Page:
• Jennifer stole my heart
• Little Debbie invited me up to her room
• Call me “the Fourth Child” or “the Sixth Spice”
So there we were, on 52nd Street, outside the now-shuttered Roseland Ballroom. It was 1999 and budding movie star Jennifer Lopez was throwing a party for the launch of her first CD, “On the 6.”
It was a hot June night; she was hot, sweet, composed and super-friendly. We were there to do a live standup on CNN’s Showbiz Today. I had seen her co-starring with George Clooney in “Out of Sight” a year earlier and was impressed with her acting. As the producer back in the studio counted us down in my earpiece, I put my arm on her back to draw her closer. Thanks to her bare-midriff outfit, my hand landed on soft, warm skin. Her perfume was intoxicating. It was all I could do to concentrate on not turning the live shot into a fawning, stuttering on-air melt-down. She was an upbeat, engaging interviewee; she was a pro. And luckily, for those few minutes at least, so was I.
Then there was Mariah Carey. You’ll find no photos of me with her here. (Although, as you’ll see, it was a photogenic assignment.) I wasn’t a fan of her music. To be honest, the music of Jennifer Lopez didn’t do it for me, either. I’m old school; I like singers who can write songs, not pop artists who ally with teams of producers and songwriters to turn out chart hits. But, hey, my job at CNN’s Showbiz Today was to report on and interview all manner of musicians and music. Sometime in the late 1990s my crew and I went to Sam Goody’s record store on 6th Avenue to shoot video of Mariah Carey signing copies of whatever new CD she was releasing. From there, we followed her to La Guardia Airport, boarded a private jet she or her record company had chartered and interviewed her as she flew to Chicago for another in-store CD launch party there.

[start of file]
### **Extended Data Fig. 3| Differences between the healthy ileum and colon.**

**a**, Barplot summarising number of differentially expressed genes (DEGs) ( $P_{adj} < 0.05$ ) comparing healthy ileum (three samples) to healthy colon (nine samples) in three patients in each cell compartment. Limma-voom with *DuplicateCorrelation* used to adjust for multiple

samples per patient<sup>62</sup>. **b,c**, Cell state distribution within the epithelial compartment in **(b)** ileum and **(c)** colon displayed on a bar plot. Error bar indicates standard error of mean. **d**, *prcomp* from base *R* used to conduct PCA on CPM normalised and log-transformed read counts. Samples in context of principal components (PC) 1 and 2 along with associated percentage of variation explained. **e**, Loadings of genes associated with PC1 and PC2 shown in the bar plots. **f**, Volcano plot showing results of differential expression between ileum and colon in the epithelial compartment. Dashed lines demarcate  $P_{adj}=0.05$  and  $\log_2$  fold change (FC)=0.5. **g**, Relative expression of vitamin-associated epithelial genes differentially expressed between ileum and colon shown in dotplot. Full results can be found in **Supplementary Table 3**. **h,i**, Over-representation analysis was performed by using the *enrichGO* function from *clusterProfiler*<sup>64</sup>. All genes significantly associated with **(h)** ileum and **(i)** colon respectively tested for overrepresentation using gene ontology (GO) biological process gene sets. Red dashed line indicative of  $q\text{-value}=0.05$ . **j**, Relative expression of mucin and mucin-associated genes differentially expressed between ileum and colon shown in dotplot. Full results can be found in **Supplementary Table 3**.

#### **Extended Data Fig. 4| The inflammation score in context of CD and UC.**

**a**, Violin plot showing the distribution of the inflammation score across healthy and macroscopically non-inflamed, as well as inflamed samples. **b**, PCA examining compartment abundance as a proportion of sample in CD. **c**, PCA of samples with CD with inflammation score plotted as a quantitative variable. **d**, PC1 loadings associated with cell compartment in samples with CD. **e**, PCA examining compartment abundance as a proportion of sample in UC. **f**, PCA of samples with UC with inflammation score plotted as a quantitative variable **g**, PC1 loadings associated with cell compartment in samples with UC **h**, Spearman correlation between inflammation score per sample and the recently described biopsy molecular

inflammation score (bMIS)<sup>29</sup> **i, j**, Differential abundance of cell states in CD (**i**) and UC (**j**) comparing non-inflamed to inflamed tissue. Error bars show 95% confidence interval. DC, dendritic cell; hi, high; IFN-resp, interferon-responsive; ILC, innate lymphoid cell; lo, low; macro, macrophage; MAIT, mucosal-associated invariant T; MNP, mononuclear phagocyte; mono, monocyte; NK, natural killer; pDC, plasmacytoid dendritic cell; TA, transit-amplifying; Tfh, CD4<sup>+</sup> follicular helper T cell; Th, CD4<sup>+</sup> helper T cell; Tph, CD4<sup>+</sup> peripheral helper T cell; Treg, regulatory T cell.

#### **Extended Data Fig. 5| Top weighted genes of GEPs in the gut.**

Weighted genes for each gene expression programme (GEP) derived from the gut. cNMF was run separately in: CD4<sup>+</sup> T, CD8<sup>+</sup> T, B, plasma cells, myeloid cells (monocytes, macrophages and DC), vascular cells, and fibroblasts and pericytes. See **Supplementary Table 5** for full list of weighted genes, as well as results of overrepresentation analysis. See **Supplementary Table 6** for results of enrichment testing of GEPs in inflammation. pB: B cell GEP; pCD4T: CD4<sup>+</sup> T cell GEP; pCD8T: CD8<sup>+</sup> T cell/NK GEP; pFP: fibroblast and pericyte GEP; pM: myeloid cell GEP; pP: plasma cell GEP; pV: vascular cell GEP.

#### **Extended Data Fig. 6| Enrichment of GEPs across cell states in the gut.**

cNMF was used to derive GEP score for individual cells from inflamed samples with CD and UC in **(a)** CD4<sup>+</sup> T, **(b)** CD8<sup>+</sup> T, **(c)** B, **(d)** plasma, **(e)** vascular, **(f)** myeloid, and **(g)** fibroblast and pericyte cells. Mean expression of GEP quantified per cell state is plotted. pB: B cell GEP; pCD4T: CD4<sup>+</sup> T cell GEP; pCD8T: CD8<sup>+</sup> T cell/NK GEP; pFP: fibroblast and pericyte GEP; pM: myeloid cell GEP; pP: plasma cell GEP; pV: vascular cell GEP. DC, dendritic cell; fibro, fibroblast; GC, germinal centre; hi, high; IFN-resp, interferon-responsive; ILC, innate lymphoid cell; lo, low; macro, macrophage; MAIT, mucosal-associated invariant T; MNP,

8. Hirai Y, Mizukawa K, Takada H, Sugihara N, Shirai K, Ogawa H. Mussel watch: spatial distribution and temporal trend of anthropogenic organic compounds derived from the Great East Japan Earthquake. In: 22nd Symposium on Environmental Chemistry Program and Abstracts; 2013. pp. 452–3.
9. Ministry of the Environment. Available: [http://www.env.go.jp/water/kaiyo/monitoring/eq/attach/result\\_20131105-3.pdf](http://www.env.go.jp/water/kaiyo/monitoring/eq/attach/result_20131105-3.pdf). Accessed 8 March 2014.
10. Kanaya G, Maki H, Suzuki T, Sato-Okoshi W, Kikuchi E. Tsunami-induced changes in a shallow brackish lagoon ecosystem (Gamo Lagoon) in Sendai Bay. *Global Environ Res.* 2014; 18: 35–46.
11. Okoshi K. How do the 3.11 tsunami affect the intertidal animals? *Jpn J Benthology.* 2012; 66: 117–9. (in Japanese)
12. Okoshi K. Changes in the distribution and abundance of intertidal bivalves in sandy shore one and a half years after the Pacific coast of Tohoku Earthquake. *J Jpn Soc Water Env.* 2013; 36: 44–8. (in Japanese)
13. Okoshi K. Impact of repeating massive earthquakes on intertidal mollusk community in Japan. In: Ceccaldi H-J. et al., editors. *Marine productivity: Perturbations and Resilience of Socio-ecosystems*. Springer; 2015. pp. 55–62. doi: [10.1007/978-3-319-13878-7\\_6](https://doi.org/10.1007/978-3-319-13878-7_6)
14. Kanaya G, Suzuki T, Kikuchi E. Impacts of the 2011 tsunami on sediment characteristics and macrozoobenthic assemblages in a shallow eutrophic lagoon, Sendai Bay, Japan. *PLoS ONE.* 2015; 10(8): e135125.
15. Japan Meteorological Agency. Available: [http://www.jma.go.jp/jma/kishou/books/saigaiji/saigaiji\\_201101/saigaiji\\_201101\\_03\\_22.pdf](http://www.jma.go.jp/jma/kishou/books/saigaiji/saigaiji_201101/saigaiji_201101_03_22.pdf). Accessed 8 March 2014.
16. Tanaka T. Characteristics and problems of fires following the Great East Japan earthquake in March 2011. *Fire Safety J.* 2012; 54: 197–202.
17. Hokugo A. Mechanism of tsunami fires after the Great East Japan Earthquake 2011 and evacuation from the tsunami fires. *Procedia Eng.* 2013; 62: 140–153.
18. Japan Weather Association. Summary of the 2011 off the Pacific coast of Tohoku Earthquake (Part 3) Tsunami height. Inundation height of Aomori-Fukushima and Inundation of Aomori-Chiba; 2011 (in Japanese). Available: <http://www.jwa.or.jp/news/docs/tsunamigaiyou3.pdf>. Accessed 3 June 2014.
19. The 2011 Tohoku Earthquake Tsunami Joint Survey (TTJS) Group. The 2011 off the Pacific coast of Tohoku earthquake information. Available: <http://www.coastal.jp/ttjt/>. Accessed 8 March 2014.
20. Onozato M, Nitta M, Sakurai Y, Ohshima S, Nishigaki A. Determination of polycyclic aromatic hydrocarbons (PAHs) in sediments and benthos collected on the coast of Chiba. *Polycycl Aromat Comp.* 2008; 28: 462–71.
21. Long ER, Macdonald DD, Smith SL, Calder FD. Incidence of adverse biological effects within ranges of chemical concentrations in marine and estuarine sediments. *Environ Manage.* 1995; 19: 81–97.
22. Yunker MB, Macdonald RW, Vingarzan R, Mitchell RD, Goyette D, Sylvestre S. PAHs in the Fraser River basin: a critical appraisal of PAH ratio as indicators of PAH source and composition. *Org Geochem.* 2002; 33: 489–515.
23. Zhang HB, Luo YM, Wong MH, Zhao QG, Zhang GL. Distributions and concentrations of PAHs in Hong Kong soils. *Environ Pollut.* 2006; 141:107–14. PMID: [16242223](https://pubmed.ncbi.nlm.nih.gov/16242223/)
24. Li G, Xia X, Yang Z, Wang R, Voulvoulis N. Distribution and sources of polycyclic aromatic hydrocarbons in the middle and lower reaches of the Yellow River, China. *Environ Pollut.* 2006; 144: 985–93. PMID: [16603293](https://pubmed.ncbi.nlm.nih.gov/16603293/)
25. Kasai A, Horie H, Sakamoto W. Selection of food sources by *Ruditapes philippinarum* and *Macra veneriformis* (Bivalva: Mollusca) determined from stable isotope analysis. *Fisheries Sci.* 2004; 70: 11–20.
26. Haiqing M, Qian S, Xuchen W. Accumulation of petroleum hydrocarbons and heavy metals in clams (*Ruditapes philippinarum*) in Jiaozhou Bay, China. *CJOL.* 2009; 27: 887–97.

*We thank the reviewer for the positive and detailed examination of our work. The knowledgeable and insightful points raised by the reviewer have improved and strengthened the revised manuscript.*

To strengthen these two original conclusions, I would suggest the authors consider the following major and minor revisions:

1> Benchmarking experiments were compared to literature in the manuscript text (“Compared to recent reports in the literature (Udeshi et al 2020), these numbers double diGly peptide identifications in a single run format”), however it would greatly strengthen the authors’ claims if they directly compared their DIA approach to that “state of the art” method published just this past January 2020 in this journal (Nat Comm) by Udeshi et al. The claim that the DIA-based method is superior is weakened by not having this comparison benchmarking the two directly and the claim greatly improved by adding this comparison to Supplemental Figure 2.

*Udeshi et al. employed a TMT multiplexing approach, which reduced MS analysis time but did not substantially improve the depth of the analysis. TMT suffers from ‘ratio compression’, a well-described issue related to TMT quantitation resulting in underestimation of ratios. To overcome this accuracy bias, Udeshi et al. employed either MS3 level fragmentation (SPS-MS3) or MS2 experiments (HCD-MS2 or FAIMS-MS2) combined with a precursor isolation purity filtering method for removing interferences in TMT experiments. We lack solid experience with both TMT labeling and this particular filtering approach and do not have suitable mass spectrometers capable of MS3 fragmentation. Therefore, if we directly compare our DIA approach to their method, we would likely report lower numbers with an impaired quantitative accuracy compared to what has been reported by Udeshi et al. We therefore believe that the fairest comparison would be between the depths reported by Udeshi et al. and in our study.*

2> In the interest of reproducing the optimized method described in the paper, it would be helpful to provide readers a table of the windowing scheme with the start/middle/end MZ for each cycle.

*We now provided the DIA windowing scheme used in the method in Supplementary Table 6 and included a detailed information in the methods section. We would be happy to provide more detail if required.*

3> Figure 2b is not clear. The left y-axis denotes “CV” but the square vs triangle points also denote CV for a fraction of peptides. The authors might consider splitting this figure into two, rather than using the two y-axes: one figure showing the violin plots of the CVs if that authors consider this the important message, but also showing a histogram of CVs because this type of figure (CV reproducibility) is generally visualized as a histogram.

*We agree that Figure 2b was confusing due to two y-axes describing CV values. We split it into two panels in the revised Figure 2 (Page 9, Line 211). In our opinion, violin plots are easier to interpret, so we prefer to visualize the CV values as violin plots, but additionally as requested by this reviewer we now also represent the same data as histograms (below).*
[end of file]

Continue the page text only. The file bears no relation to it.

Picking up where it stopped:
I don’t remember anything from the interview, although I imagine I did ask her about her recent separation or divorce from Tommy Mottola, her record label head. He was not a universally beloved figure in the music business – another reason I didn’t hold Mariah in the highest esteem. An interview with a huge pop star in her private jet – you’d think – would be something of a career highlight, but no, the starkest memory I have was when we landed after midnight at Chicago’s Midway airport. The afternoon in New York had been hot and humid and a line of thunderstorms blew through while we were shooting the in-store. Behind it was a cold front and in the Windy City we had to run a couple hundred yards to reach the private aviation terminal in a howling, frigid wind in the lightweight clothing we had been wearing in the afternoon.
The flip side of a pop star like Mariah Carey, in my mind, is Vanessa Williams. I interviewed her more than once and she was always friendly, vivacious and thoughtful. And of course the, “I’m sorry, I have to ask this” question with Vanessa was not about her being the first woman of African-American descent to win the Miss America pageant. It was about how she was forced to resign after Penthouse magazine bought and published some old nude photographs of her. Vanessa wouldn’t dodge the question, she was frank and forthcoming and obviously knew she’d be asked about it forever. She was a trouper.
I think my introduction to interviewing chanteuses came at Good Morning America, in the person of Debbie Gibson. Sometime around 1987-88, after she’d burst on the scene as a teen pop sensation, GMA sent me and a crew to her home on Long Island, where she still lived with her parents. We actually videotaped the interview in her bedroom. Her teenage-girl’s bedroom! Everything pink. Stuffed animals of all sizes in row after row on her pink-bedspread-bedecked bed. Hats hung everywhere. She collected hats. When we moved out to the living room and took a picture in front of the family piano, she loaned me a hat.